Code of Hammurabi
The Code of Hammurabi is a well-preserved Babylonian code of law of ancient Mesopotamia, dating back to about 1754 BC (Middle Chronology). It is one of the oldest deciphered writings of significant length in the world. The sixth Babylonian king, Hammurabi, enacted the code, and partial copies exist on a 2.25 metre (7.5 ft) stone stele and consists of 282 laws, with scaled punishments, adjusting "an eye for an eye, a tooth for a tooth" (lex talionis) as graded depending on social status, of slave versus free man or woman.
|Code of Hammurabi|
Side view of the stele "fingertip"
|Created||c. 1754 BC|
Nearly one-half of the code deals with matters of contract, establishing, for example, the wages to be paid to an ox driver or a surgeon. Other provisions set the terms of a transaction, establishing the liability of a builder for a house that collapses, for example, or property that is damaged while left in the care of another. A third of the code addresses issues concerning household and family relationships such as inheritance, divorce, paternity, and sexual behavior. Only one provision appears to impose obligations on an official; this provision establishes that a judge who reaches an incorrect decision is to be fined and removed from the bench permanently. A few provisions address issues related to military service.
The code was discovered by modern archaeologists in 1901, and its editio princeps translation published in 1902 by Jean-Vincent Scheil. This nearly complete example of the code is carved into a basalt stele in the shape of a huge index finger, 2.25 m (7.4 ft) tall. The code is inscribed in the Akkadian language, using cuneiform script carved into the stele. It is currently on display in the Louvre, with replicas in the Oriental Institute at the University of Chicago, the Clendening History of Medicine Library & Museum at the University of Kansas Medical Center, the library of the Theological University of the Reformed Churches in the Netherlands, the Pergamon Museum of Berlin, the Arts Faculty of the University of Leuven in Belgium, the National Museum of Iran in Tehran, and the Department of Anthropology, National Museum of Natural History, Smithsonian Institution.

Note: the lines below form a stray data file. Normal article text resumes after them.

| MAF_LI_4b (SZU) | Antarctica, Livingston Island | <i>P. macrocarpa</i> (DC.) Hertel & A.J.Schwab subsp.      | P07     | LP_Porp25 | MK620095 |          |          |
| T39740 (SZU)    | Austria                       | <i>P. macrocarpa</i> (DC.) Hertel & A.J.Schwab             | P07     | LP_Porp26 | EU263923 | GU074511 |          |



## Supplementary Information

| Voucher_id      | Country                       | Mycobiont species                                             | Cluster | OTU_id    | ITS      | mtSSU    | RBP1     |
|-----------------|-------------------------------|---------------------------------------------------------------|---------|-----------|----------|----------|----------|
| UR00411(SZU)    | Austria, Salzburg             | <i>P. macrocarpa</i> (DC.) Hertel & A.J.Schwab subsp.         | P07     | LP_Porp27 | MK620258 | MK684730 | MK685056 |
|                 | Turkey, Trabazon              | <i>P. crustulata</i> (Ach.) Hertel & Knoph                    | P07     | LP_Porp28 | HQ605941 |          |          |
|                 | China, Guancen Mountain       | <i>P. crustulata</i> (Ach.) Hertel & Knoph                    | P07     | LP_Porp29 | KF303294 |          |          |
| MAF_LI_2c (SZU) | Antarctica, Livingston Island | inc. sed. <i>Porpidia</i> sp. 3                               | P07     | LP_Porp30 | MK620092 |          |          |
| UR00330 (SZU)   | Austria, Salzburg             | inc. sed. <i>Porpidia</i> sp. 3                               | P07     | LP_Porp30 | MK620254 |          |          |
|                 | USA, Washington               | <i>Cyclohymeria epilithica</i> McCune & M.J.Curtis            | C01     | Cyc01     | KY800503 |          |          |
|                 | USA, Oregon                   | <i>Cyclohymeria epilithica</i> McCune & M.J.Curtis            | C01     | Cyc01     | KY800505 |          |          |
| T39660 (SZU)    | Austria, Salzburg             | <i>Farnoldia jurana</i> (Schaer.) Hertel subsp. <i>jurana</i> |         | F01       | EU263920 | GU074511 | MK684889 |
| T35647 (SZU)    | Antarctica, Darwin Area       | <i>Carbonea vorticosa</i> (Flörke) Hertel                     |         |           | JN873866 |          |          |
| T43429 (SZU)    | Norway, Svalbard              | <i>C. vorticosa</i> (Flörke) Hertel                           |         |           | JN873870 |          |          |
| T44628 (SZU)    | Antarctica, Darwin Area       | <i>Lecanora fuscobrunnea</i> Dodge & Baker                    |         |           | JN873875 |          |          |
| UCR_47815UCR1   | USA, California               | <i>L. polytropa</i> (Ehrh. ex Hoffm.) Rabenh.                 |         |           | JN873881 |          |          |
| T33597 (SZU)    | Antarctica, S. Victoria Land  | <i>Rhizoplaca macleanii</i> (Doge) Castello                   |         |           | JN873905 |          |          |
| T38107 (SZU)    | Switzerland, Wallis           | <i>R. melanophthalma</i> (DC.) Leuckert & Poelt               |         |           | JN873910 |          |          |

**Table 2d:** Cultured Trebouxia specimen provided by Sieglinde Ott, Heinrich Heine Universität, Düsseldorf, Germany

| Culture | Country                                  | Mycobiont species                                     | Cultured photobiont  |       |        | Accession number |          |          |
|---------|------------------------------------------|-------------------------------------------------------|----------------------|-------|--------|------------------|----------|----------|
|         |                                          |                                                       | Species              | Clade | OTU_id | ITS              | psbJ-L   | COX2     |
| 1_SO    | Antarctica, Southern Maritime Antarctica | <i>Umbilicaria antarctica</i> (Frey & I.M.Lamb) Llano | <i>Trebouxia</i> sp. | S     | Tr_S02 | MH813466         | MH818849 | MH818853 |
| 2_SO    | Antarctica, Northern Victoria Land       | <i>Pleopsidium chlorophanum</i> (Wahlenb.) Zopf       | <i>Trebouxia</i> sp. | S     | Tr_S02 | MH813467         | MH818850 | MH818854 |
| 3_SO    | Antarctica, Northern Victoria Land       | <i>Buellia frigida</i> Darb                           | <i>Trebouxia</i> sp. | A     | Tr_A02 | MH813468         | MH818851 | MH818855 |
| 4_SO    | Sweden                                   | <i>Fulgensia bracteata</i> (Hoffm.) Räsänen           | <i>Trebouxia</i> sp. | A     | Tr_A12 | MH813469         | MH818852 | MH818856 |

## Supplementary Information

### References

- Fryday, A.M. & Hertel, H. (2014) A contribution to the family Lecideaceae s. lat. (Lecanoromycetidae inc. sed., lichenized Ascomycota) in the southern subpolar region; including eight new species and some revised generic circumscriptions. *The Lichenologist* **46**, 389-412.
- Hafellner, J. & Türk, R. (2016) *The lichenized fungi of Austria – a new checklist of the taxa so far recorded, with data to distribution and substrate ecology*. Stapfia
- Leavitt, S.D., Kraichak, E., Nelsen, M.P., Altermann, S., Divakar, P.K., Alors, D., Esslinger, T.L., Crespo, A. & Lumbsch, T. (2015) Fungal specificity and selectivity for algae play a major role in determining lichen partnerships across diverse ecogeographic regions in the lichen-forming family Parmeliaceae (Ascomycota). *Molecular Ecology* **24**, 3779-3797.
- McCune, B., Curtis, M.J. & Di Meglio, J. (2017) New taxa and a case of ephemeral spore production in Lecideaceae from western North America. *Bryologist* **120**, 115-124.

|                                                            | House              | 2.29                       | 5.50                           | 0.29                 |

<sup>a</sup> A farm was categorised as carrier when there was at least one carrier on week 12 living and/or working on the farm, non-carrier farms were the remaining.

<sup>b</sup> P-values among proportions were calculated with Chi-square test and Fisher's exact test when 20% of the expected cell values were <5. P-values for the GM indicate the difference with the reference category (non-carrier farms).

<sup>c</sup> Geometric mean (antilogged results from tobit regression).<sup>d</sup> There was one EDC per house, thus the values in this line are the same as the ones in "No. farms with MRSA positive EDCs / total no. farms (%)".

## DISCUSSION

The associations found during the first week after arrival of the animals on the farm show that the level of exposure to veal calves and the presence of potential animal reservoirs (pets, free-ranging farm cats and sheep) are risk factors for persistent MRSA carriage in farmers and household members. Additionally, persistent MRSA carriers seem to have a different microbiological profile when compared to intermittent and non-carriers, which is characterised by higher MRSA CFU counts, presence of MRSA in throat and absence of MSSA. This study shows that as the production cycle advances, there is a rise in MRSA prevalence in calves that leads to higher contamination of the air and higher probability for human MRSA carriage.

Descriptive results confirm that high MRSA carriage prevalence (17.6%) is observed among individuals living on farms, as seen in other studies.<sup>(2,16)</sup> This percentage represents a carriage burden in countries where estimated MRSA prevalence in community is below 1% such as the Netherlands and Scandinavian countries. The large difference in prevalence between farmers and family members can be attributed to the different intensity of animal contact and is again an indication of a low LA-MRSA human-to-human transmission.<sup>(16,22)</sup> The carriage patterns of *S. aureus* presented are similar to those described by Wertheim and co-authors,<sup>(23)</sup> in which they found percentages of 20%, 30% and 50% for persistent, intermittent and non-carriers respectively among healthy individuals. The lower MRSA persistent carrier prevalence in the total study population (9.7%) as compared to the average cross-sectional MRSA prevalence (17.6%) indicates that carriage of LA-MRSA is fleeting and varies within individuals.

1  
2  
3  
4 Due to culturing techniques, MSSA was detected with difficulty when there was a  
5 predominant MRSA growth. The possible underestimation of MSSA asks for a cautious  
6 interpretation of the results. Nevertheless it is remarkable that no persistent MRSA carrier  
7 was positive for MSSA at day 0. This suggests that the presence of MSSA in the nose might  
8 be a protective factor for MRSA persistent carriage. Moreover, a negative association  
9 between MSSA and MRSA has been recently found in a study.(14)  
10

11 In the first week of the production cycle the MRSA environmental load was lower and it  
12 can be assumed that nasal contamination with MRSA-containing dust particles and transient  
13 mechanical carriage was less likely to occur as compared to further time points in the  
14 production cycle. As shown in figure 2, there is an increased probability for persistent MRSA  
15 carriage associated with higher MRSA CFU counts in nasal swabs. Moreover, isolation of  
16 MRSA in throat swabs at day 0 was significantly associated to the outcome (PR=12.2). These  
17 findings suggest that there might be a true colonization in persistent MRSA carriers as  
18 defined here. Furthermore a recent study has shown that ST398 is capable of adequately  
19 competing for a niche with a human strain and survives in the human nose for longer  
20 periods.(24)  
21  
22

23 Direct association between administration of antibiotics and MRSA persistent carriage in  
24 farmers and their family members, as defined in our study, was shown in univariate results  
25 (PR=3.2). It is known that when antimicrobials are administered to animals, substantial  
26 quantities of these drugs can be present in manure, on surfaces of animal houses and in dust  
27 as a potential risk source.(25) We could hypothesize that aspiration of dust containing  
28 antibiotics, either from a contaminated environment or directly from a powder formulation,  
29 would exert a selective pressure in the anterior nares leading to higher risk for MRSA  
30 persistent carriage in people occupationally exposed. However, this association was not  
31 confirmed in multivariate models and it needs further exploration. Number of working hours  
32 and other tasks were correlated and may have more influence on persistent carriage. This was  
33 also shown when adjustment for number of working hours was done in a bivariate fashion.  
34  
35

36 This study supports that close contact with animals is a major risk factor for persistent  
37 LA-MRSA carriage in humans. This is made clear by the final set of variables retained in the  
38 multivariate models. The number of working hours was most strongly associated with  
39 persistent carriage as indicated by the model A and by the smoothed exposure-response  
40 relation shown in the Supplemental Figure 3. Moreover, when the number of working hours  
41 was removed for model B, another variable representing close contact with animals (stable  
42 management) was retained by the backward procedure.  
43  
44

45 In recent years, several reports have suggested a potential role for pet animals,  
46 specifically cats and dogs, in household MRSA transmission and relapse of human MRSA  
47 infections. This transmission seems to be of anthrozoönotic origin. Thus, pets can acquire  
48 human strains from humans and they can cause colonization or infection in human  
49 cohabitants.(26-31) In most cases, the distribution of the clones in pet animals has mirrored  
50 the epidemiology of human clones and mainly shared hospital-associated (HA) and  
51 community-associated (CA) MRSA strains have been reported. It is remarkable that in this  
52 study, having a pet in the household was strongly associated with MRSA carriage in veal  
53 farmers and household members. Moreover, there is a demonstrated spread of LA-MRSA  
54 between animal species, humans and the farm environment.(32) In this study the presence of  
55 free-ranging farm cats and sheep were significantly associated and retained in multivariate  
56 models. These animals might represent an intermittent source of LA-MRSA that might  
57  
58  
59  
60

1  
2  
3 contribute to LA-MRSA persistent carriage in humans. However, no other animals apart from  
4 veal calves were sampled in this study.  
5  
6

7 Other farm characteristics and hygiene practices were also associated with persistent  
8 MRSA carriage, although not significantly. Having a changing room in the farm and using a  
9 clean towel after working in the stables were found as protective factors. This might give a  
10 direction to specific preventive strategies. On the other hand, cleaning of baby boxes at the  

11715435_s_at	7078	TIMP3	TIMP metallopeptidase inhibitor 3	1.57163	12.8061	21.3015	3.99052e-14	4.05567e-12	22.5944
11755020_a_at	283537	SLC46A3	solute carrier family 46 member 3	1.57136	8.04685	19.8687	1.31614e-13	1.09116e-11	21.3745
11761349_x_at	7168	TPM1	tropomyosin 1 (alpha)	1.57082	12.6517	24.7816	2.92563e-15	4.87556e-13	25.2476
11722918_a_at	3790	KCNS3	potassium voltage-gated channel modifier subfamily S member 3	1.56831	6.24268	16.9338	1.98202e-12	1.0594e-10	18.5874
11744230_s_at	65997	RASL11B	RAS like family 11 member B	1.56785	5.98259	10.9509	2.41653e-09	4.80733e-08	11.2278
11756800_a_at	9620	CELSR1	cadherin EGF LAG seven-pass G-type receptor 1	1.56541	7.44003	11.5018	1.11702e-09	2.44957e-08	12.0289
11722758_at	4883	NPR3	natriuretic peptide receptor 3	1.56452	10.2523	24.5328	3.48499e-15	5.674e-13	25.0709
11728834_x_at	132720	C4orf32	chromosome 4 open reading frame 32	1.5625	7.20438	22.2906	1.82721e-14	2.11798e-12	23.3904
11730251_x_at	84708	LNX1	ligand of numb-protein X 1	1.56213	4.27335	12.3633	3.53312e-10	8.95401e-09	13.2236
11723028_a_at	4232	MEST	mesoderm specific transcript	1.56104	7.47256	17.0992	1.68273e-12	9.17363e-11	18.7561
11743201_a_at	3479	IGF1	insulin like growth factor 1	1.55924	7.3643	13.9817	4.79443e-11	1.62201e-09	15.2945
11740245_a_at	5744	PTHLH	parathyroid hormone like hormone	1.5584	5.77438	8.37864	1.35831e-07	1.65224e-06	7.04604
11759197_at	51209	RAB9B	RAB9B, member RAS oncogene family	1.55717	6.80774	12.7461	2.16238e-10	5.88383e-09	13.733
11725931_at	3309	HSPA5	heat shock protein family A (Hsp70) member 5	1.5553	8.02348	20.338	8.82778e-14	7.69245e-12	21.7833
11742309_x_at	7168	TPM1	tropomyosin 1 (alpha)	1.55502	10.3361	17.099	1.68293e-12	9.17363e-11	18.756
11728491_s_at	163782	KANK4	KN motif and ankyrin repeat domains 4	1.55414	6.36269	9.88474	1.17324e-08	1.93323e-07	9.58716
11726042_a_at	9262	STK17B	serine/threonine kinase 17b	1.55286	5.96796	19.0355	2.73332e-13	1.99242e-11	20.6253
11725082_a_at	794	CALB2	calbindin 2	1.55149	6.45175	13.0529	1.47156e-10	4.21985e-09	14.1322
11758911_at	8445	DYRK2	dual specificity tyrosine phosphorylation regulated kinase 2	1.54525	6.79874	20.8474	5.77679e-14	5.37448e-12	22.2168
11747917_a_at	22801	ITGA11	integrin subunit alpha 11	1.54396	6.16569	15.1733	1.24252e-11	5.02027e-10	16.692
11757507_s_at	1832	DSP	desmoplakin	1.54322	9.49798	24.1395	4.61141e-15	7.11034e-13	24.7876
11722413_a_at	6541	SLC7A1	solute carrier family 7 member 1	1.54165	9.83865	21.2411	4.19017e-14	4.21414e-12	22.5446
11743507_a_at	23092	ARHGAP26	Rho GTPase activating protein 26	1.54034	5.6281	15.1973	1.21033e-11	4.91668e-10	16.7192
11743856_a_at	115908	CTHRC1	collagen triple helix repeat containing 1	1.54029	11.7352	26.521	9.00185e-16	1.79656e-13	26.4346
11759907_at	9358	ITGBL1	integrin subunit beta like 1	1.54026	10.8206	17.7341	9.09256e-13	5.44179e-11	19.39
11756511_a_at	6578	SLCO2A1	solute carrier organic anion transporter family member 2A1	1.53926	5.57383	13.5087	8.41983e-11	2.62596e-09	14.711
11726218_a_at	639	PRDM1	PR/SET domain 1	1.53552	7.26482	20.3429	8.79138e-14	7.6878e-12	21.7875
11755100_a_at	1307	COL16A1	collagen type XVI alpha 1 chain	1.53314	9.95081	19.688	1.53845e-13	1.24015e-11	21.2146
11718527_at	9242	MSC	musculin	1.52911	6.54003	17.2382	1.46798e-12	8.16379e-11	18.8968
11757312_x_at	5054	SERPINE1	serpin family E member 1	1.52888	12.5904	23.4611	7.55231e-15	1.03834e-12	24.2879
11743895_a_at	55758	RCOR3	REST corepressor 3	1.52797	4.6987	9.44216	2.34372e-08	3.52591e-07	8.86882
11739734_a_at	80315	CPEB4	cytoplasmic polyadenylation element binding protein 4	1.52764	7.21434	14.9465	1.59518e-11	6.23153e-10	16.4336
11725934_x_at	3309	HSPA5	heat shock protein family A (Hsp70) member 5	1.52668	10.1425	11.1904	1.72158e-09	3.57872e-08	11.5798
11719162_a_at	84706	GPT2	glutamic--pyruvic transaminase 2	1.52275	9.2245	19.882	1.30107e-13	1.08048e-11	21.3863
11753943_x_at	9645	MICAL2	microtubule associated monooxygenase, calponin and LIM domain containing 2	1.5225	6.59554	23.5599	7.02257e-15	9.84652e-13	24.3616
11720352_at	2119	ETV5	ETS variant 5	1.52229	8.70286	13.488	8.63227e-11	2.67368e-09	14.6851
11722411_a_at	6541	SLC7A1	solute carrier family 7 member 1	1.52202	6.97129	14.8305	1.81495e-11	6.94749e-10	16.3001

Hammurabi ruled for nearly 42 years, from about 1792 to 1749 BC according to the Middle chronology. In the preface to the law, he states, "Anu and Bel called by name me, Hammurabi, the exalted prince, who feared God, to bring about the rule of righteousness in the land, to destroy the wicked and the evil-doers; so that the strong should not harm the weak; so that I should rule over the black-headed people like Shamash, and enlighten the land, to further the well-being of mankind." On the stone slab are 44 columns and 28 paragraphs that contained 282 laws. Some of these laws follow along the rules of "an eye for an eye".
It had been taken as plunder by the Elamite king Shutruk-Nahhunte in the 12th century BC and was taken to Susa in Elam (located in the present-day Khuzestan Province of Iran) where it was no longer available to the Babylonian people. However, when Cyrus the Great brought both Babylon and Susa under the rule of his Persian Empire, and placed copies of the document in the Library of Sippar, the text became available for all the peoples of the vast Persian Empire to view.
In 1901, Egyptologist Gustave Jéquier, a member of an expedition headed by Jacques de Morgan, found the stele containing the Code of Hammurabi during archaeological excavations at the ancient site of Susa in Khuzestan.